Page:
A woman really happily showing off her skjælingsdrakt from Upper Numedal. This is an empire waist bunad, worn with a blouse with colourful embroidery, and a hat. This particular bunad, has a brown and black patterned apron, which matches the brown band at the bottom of the skirt. The bodice of the bunad is black with silver buttons, and is worn with a colourful scarf tied around the neck.
Media: Digital.

This National costume, called Skjælingsdrakt, is based on the dress traditions found in Øvre Numeral (Upper Numedal) during the second half of the 1800s. The bunad gets its name from the stiffened and wavy hem in the waist of the dress, which isn’t pictured in this painting.

This type of costume is highly customisable with choice of ribbons and patterns, and of course the colours of these which the wearer can choose. This one is based on the costume of a friend of mine, who actually got married in her beautiful national costume.

A painting woman wearing her Rogalandsbunad, which is has a golden brocade bodice, with a black skirt. The black shawl and apron are both embroidered, as is the bag which goes with the bunad. The bunad is worn with a white linen blouse with white embroidery on the cuffs, collar and the box plate which hides the sown in buttons.
Media: Digital.

Rogaland has several bunads, which all are embroidered. This particular Rogalandsbunad has the pattern stemming from Tjelmeland, and might be this one of the less known ones. At least it seems less known as I’ve bought lots of magazines featuring lots of National costumes, hoping they’ll show photos of this one, without any luck.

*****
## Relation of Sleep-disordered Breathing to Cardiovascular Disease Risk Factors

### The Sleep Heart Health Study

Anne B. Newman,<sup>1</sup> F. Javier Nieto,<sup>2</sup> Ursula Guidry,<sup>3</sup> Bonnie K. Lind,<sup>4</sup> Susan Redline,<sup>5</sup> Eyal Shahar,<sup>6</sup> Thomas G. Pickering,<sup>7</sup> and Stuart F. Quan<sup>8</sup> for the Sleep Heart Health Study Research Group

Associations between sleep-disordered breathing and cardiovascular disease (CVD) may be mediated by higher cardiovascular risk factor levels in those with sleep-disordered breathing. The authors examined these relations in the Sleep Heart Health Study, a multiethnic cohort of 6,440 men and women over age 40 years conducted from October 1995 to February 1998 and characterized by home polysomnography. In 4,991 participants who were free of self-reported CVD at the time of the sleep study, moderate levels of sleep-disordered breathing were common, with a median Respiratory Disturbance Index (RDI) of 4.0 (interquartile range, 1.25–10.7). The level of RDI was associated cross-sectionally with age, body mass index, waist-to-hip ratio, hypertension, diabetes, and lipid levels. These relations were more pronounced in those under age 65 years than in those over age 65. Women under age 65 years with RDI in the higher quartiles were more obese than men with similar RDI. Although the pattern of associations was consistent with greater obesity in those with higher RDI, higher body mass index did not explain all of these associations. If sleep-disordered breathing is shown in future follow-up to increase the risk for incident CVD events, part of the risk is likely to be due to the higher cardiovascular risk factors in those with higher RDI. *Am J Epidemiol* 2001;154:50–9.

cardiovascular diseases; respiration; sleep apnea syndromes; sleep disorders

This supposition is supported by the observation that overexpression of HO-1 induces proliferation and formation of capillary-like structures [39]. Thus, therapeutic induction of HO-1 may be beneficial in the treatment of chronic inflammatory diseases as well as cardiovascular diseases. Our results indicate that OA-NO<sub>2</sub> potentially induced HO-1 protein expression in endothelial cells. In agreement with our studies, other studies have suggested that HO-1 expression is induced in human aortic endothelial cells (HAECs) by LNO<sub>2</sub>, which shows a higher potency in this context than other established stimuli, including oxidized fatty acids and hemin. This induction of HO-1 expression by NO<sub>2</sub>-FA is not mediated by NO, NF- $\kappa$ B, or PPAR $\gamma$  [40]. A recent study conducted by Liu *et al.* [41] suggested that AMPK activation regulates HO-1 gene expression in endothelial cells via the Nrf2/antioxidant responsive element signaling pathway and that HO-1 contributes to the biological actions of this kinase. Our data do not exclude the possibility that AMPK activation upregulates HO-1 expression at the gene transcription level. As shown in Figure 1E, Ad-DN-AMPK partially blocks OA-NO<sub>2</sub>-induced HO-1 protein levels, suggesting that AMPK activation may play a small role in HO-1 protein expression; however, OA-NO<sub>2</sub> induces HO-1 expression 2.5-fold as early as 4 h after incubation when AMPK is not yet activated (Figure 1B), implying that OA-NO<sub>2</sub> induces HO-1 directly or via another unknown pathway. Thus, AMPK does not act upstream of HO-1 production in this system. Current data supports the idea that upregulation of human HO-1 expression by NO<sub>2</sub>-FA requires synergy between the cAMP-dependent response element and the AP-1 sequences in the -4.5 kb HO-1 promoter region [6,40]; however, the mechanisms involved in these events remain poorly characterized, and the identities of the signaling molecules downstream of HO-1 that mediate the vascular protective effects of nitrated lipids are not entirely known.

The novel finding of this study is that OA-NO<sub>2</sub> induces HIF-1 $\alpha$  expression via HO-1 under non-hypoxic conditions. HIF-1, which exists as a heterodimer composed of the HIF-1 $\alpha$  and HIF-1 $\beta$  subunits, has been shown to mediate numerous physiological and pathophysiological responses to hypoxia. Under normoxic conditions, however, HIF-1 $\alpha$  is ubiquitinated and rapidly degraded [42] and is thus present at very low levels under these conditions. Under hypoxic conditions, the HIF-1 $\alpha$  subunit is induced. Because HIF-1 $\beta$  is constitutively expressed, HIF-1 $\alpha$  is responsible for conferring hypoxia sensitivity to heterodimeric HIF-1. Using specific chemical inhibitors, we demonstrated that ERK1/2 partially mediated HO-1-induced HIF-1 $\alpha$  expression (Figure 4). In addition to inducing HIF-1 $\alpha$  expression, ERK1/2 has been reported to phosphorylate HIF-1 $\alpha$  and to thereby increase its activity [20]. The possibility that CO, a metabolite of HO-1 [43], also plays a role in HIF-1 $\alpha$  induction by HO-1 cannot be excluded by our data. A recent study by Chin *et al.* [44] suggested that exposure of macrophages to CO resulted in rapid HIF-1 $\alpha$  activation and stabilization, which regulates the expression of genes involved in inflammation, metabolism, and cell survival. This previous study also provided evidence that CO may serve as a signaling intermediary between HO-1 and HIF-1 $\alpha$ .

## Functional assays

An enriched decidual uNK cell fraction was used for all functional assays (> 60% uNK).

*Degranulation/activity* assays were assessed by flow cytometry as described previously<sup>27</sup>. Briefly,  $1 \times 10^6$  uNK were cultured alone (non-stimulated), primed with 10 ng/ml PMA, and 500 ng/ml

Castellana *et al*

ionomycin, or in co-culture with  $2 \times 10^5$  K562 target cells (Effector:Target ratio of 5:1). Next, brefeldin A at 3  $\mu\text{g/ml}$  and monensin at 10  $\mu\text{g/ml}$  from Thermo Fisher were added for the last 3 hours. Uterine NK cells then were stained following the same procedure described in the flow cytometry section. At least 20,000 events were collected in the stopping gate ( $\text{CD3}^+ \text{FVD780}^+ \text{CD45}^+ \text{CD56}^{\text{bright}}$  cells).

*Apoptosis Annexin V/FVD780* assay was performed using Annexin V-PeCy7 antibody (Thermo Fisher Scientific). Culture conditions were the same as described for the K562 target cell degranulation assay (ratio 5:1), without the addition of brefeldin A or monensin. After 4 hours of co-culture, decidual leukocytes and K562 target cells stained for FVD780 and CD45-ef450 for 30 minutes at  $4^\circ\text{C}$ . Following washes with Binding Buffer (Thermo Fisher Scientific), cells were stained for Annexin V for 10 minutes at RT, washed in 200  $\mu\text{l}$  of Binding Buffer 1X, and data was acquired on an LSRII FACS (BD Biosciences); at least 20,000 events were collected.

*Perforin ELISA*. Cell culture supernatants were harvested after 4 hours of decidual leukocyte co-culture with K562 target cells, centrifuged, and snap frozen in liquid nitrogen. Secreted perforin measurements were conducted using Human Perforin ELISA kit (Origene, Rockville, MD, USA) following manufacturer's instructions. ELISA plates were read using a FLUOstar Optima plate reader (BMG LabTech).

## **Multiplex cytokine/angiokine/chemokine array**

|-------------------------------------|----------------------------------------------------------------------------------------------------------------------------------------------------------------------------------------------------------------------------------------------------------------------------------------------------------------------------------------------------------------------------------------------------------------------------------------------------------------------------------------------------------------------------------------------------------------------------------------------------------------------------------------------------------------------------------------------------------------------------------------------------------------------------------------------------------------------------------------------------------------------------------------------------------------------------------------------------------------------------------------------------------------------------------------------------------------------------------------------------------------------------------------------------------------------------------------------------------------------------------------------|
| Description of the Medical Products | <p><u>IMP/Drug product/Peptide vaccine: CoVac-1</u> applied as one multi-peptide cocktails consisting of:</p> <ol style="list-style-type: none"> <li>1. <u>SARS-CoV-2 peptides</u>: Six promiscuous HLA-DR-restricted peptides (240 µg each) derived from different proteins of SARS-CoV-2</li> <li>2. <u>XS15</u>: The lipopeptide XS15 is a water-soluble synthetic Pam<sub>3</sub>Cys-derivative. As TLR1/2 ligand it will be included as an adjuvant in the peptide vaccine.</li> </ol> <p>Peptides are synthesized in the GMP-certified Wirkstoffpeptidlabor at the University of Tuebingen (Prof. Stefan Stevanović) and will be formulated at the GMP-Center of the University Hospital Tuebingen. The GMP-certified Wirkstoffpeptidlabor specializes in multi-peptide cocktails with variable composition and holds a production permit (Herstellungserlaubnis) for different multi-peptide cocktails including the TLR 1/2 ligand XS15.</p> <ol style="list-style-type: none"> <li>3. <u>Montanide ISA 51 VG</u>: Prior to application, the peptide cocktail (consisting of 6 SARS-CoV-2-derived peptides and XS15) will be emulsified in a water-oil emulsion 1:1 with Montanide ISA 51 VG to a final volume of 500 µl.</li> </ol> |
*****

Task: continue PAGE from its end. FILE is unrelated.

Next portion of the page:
To be fair, the main reason I painted this particular Rogalandbunad is because this is the one I have. It was actually made by my paternal grandmother, who also owned one just like it.

A digital painting of woman wearing a Sognebunad, with a yellow bodice, black skirt with a green hem with red embroideries. Under the bunad is a white linen blouse with white embroidery on the cuff, collar and the box plate which hides the sown in buttons. The bag fastened to the belt is of the same fabric as the bodice. The apron of this bunad is black and woven with a green and red striped pattern at the bottom and sides.
Media: Digital.

This type of bunad is called Sognebunad, and comes from the county Sogn and Fjordane. This image depicts the bunad
my cousins have. I believe it was our grandmother who made the bunads for all of my cousins, but they’ve chosen to have different coloured bodices and bags, which sets them apart from each other.

A woman the light blue bunad featuring a grey inlay at the bottom of the skirt which is embroidered with flowers. The bunad was originally worn with a grey blouse, but these days it a white blouse with flowery embroidery on the cuffs and collar is more common.
Media: Digital.

Most bunads and other Norwegian national costumes are based on traditions of the area they’re from. The Oslobunad, on the other hand, was designed in 1947, and was originally created for the 150 year jubilee of the city’s first department store. In 2007 it was given national costume status.

The colours of is costume was based on the Oslo’s crest, and the bag even features St. Harvard, the patron saint of Oslo. It also features several wildflowers found in the region. As late as 2013 the costume was made available in a dark blue as well.